The Internet of Things has been considered one of the hottest and most secure high-tech trends in recent years. According to the research firm BI Intelligence, by 2020 some 24 billion “things” in the world will be connected to the internet, and consumers, organizations and companies will spend $6 trillion to buy them. These “things” can be appliances like your refrigerator, sprinkler system, security camera, lights, tea kettle, washing machine — in short, everything.
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All these appliances, considered dumb until some time ago (after all, it’s just a teapot), become smart by connecting to the internet. They can be turned on and off remotely, give statistical reports and communicate with other appliances to create an orchestra of digital servants that will do anything to enhance your surroundings.
But banal as all this sounds, we seem to have forgotten that when we build an army of slaves to serve us, there will always be some way to use them against us. That, it seems, is what happened when hackers shut down access to many internet sites on the East Coast of the U.S. last week.
The problem with the “things” that communicate online is that the companies that manufacture them don’t invest in considerable efforts to make them secure. “Who will want to hack a toaster?” they ask themselves. The truth is that hacking one toaster is really not the goal. But what about half a million toasters? For hackers, only one thing about a toaster is relevant: Since it can send information or requests over the internet, it can be taken hacked to send its requests to a pre-assigned destination.
And so, one toaster secretly joins another, until you gradually have networks of zombies (called “botnets”). They consist of appliances that do their daily tasks perfectly, but the moment the order is given, they become a disciplined digital army that shoots off requests at a rate of 1,000 gigabytes a second, generating a traffic volume that is greater than all the internet traffic at the disposal of some small countries.
Think about Alfred Hitchcock’s “The Birds.” One crow doesn’t look especially scary, but thousands of crows attacking a specific target — that’s the stuff of horror movies. No wonder that innocent technology goes completely haywire in so many science fiction movies. In the case of last week's outages, the technology was innocent but it didn't go out of control; it was hijacked to create an efficient attack.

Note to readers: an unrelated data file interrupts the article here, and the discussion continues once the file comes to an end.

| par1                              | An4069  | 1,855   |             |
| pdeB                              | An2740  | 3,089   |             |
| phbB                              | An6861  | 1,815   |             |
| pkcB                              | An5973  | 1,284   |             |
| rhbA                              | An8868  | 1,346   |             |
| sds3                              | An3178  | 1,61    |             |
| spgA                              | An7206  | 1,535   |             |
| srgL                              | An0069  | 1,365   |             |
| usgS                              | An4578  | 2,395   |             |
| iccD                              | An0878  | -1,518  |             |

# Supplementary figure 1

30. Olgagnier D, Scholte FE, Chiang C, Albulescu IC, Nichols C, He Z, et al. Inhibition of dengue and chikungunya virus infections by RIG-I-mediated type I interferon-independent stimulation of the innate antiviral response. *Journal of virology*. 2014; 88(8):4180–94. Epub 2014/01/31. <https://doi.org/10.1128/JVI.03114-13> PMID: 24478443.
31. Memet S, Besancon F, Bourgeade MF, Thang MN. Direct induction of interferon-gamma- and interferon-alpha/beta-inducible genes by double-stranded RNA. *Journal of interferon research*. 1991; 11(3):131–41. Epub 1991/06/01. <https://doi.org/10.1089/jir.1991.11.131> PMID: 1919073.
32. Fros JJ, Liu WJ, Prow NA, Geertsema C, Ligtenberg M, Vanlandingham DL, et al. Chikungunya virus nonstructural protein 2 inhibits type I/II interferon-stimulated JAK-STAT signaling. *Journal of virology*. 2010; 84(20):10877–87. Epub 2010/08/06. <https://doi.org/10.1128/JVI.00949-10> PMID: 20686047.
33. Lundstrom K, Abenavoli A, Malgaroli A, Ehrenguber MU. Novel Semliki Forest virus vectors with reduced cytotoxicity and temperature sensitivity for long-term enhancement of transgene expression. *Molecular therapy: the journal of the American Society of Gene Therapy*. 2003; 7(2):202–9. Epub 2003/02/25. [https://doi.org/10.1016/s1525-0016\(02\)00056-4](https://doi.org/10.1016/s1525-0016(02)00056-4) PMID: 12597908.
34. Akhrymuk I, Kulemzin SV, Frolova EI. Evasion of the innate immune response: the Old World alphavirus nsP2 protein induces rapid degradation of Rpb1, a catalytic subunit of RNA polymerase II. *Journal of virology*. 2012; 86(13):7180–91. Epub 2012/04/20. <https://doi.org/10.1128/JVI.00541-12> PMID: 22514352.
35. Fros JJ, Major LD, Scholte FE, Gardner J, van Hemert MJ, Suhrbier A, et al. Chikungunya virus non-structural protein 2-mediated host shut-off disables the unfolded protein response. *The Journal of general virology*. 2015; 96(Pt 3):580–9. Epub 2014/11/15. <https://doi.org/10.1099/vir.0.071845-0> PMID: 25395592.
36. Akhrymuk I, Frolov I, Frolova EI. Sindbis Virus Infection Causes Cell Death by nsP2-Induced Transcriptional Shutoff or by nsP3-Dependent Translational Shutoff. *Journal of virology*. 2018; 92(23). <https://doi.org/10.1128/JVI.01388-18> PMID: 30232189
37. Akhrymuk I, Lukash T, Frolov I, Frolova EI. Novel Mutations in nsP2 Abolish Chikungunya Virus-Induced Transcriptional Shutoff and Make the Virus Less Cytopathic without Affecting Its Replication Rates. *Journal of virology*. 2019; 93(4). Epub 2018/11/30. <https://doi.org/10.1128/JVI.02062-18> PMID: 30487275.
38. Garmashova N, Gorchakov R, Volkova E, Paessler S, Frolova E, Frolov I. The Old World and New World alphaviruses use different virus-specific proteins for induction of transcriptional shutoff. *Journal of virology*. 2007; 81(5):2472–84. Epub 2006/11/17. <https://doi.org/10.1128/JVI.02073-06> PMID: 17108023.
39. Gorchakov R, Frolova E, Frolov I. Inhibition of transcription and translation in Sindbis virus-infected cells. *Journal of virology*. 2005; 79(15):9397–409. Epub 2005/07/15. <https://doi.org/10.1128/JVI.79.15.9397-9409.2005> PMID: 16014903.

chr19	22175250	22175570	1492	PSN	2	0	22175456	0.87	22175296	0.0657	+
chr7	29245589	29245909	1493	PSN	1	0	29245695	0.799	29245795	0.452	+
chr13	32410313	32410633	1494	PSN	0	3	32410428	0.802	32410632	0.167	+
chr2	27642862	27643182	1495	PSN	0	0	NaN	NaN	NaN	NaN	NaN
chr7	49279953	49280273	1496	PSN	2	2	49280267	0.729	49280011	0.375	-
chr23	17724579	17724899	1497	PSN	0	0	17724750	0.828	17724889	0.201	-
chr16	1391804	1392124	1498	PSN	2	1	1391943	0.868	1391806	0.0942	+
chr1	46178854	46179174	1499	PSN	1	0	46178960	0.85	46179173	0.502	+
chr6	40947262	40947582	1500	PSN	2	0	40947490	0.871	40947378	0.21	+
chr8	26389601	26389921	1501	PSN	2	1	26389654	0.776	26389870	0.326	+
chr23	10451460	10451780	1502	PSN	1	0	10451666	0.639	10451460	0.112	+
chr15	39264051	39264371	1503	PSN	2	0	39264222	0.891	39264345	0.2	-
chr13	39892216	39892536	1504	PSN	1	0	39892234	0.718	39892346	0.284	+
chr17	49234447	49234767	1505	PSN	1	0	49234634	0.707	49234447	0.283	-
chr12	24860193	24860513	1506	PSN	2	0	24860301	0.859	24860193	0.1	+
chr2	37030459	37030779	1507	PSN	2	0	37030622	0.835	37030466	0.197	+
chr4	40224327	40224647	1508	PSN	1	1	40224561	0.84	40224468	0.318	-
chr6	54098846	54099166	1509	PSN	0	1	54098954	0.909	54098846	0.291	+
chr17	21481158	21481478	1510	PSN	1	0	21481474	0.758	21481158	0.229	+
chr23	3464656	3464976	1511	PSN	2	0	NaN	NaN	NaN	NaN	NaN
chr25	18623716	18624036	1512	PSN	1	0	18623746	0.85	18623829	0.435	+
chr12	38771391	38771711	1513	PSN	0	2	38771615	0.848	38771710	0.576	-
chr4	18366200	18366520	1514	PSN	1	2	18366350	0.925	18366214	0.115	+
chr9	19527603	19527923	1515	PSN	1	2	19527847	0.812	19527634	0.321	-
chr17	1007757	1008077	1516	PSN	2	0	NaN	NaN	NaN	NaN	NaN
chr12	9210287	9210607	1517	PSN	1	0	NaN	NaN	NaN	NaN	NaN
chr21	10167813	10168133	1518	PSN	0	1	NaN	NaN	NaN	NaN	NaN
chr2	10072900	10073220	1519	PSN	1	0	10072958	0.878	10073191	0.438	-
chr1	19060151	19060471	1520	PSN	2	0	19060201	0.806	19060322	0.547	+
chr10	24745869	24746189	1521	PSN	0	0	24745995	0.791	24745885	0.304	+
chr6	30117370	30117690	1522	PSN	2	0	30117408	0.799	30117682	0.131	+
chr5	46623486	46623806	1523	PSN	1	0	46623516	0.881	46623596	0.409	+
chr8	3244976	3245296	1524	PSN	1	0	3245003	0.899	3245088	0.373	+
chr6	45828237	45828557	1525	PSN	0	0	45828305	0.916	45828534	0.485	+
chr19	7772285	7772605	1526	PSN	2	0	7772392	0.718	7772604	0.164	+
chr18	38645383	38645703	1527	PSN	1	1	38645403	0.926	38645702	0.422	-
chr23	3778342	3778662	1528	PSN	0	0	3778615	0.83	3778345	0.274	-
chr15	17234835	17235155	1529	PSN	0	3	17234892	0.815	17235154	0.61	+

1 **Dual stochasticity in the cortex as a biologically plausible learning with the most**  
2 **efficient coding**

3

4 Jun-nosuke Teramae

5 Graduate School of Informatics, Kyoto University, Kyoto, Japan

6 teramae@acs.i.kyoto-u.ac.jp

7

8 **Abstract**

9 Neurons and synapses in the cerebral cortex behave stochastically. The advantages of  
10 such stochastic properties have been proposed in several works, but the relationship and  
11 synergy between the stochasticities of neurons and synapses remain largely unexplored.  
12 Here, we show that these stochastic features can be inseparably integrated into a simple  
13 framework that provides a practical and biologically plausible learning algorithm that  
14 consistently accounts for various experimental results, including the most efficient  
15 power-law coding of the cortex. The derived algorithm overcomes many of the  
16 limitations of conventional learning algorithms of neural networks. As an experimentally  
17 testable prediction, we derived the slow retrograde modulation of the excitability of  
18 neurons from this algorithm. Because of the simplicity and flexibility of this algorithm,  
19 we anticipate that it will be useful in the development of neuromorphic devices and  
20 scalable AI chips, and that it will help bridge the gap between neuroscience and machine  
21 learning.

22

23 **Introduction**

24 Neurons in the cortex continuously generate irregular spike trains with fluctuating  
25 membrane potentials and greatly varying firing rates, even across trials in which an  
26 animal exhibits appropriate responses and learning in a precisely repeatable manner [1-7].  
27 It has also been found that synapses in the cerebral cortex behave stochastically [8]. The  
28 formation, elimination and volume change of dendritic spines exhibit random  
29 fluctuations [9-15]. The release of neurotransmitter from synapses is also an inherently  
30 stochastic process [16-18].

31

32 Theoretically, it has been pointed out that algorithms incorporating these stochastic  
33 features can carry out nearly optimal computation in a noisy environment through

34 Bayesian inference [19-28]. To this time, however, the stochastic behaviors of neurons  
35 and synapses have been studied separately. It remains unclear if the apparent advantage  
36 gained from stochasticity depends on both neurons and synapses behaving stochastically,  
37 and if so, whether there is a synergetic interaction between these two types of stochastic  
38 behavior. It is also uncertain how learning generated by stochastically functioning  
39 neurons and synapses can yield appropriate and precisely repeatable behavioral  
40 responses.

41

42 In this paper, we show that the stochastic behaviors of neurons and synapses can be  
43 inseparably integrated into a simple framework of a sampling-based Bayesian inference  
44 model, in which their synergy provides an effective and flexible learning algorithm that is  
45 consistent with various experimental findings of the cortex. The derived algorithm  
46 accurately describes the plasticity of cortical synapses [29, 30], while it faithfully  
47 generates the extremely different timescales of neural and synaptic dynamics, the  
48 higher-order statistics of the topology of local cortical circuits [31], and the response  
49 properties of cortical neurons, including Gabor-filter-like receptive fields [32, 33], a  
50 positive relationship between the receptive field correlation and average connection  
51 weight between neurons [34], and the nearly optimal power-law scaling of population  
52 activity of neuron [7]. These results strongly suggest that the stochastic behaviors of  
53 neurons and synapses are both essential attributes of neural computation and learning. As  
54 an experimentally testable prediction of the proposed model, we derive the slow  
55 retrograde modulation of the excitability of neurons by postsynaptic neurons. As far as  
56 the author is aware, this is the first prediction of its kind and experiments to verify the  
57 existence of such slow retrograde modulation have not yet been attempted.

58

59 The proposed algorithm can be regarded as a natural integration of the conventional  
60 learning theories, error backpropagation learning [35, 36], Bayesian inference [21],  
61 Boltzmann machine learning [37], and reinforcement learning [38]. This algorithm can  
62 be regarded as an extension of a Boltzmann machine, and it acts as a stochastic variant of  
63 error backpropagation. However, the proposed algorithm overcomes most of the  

In a world where so many actions are based on digital communication online, the ability to crash websites, services and even the internet “address book,” the domain name system that connects our browsers to the websites we want visit, is a destructive one.
Elements operating on the internet black market are training such zombie webs. They have seen to it that the digital soldiers are co-opted by means of malware and now they have an army of hundreds of thousands of mercenaries consisting of teapots, cameras and converters at their disposal. This all sounds amusing, but when we think about the economic, social and security implications, things look much more serious.
Attacks could render voters unable to cast their ballots on Election Day, block stock exchange services and e-commerce sites or prevent the delivery of electricity and water. These service outages could last from a few hours to a few days, leading to enormous economic damage and even loss of lives.
There is no doubt that manufacturers of smart "things" must be pressured to better secure these devices. But what about the billions of objects that are already in our homes and offices? Now where did I put my grandmother’s old teapot that whistled when the water boiled? Suddenly it doesn’t seem so dumb anymore.